Into the Business - Deep Blue Capital

Not sure what you can do with your econometric knowledge in practice? Curious where other econometricians end up after their studies? No worries! In the series of articles ‘Into the Business’, the Estimator shows you around the broad range of companies that you, as an econometrician, could start your career after your studies. In this edition, we enter the world of trading and take a closer look at the business of Deep Blue Capital.

Paul François (Head of Trading at Deep Blue Capital)

My name is Paul, I am 29 years old and I studied econometrics at the Vrije Universiteit (VU) in Amsterdam. After my bachelor in econometrics, I continued with the master Quantitative Finance. This is a special honours programme at the VU that offers a nice combination of econometrics on one hand and finance on the other. I also decided to do a second master in econometrics. Because of this combination, I gathered a broad theoretical knowledge of econometrics and also some more practical knowledge focused on finance.

As a student, I was active at our study association Kraket. I was responsible for organising the National Econometricians Day (Dutch: LED) and our international study trip. Outside of the association I participated in a summer school programme at the London School of Economics in 2012, because I was interested in seeing what it was like to study at LSE. At the time, the Olympic Games were held in London, which made the whole experience even more special!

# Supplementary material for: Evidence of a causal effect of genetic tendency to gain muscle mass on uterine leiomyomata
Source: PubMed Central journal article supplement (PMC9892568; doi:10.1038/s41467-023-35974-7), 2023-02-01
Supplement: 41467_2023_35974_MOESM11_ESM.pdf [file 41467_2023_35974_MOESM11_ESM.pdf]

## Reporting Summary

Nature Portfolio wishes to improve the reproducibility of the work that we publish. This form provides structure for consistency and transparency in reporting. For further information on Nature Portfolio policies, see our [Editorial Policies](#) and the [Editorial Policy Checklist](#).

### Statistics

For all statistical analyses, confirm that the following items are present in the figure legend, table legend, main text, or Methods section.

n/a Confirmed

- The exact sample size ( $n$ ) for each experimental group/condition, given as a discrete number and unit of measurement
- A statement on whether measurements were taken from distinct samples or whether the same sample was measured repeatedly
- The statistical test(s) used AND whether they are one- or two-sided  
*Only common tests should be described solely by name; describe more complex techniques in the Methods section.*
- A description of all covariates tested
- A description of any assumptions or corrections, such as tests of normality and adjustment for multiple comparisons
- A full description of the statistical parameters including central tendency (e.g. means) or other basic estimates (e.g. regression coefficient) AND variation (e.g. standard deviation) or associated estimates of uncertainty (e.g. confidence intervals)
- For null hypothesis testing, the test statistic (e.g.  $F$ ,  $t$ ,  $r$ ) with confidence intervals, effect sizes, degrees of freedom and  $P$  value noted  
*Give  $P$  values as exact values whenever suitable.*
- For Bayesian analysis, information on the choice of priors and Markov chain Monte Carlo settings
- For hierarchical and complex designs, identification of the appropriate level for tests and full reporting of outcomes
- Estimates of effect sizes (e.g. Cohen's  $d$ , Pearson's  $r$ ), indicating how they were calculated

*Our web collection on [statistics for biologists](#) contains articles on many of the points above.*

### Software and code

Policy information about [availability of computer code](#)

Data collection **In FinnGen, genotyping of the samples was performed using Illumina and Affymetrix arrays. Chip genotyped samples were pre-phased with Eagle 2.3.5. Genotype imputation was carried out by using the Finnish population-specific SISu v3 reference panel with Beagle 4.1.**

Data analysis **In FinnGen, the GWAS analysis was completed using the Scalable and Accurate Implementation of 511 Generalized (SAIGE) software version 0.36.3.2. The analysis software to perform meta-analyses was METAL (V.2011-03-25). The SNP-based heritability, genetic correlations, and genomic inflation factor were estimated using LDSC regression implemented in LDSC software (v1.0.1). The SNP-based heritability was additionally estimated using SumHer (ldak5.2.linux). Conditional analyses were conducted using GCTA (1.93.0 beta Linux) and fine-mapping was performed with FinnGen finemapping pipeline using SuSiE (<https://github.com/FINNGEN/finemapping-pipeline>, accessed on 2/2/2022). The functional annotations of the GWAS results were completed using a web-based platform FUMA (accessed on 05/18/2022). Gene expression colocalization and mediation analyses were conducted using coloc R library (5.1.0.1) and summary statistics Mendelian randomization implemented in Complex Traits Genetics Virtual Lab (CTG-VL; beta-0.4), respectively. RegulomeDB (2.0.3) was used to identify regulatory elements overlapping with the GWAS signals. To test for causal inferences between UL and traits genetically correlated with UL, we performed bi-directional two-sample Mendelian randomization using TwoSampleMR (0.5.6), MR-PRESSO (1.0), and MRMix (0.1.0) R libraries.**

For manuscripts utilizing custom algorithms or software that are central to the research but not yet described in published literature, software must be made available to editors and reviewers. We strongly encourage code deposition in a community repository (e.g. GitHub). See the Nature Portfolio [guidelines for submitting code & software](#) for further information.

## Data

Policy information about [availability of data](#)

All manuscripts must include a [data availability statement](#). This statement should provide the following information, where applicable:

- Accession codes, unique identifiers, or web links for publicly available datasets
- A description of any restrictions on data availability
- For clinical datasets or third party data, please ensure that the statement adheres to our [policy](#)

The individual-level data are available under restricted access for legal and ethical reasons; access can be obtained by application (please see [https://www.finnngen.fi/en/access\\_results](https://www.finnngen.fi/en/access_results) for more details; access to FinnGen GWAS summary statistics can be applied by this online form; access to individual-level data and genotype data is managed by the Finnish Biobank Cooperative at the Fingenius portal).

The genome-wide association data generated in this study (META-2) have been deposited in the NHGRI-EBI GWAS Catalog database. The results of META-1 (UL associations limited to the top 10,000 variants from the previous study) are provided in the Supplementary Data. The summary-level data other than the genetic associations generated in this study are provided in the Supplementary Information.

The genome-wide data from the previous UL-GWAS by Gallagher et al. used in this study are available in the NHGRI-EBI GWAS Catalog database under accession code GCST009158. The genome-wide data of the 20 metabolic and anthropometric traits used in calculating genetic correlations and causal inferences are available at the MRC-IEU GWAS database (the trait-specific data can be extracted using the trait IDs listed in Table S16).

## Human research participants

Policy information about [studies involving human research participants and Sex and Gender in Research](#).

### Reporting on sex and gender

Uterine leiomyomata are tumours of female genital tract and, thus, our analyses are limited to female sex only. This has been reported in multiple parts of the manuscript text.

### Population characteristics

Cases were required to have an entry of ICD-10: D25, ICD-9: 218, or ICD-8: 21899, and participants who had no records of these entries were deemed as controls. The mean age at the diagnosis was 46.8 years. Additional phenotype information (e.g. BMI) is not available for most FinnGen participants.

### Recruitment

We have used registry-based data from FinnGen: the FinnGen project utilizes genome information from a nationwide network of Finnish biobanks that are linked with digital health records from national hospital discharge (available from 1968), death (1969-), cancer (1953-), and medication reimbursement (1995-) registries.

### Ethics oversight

During my Quantitative Finance master, I did a graduate internship at the risk department of ING Insurance to write my thesis. The project was nice to do, and I gained a lot of real-world experience. However, I knew from the start that I didn’t want to end up working in a risk-position. Eventually, I started working at Deep Blue Capital.

How does an intern at a risk department end up at a company like Deep Blue Capital?

Good question, because both jobs are completely different. Even though I enjoyed my internship, I also experienced some things that I knew I wouldn’t like to do in my future career. For example, when you work in a risk department, estimating the VaR of the company is the holy grail. The VaR tells you how much money the company will lose when everything goes wrong. Everything going wrong is usually defined as the worst year over a period of 200 years (the Solvency II protocol for insurers uses a 99.5%-VaR as benchmark). This means that the chance of actually reaching the number is almost non-existing. Therefore, you never know for sure that what you are doing is correct. You don’t get real-life feedback on your work. You work with a lot of assumptions and hope that they are close to how it works in reality.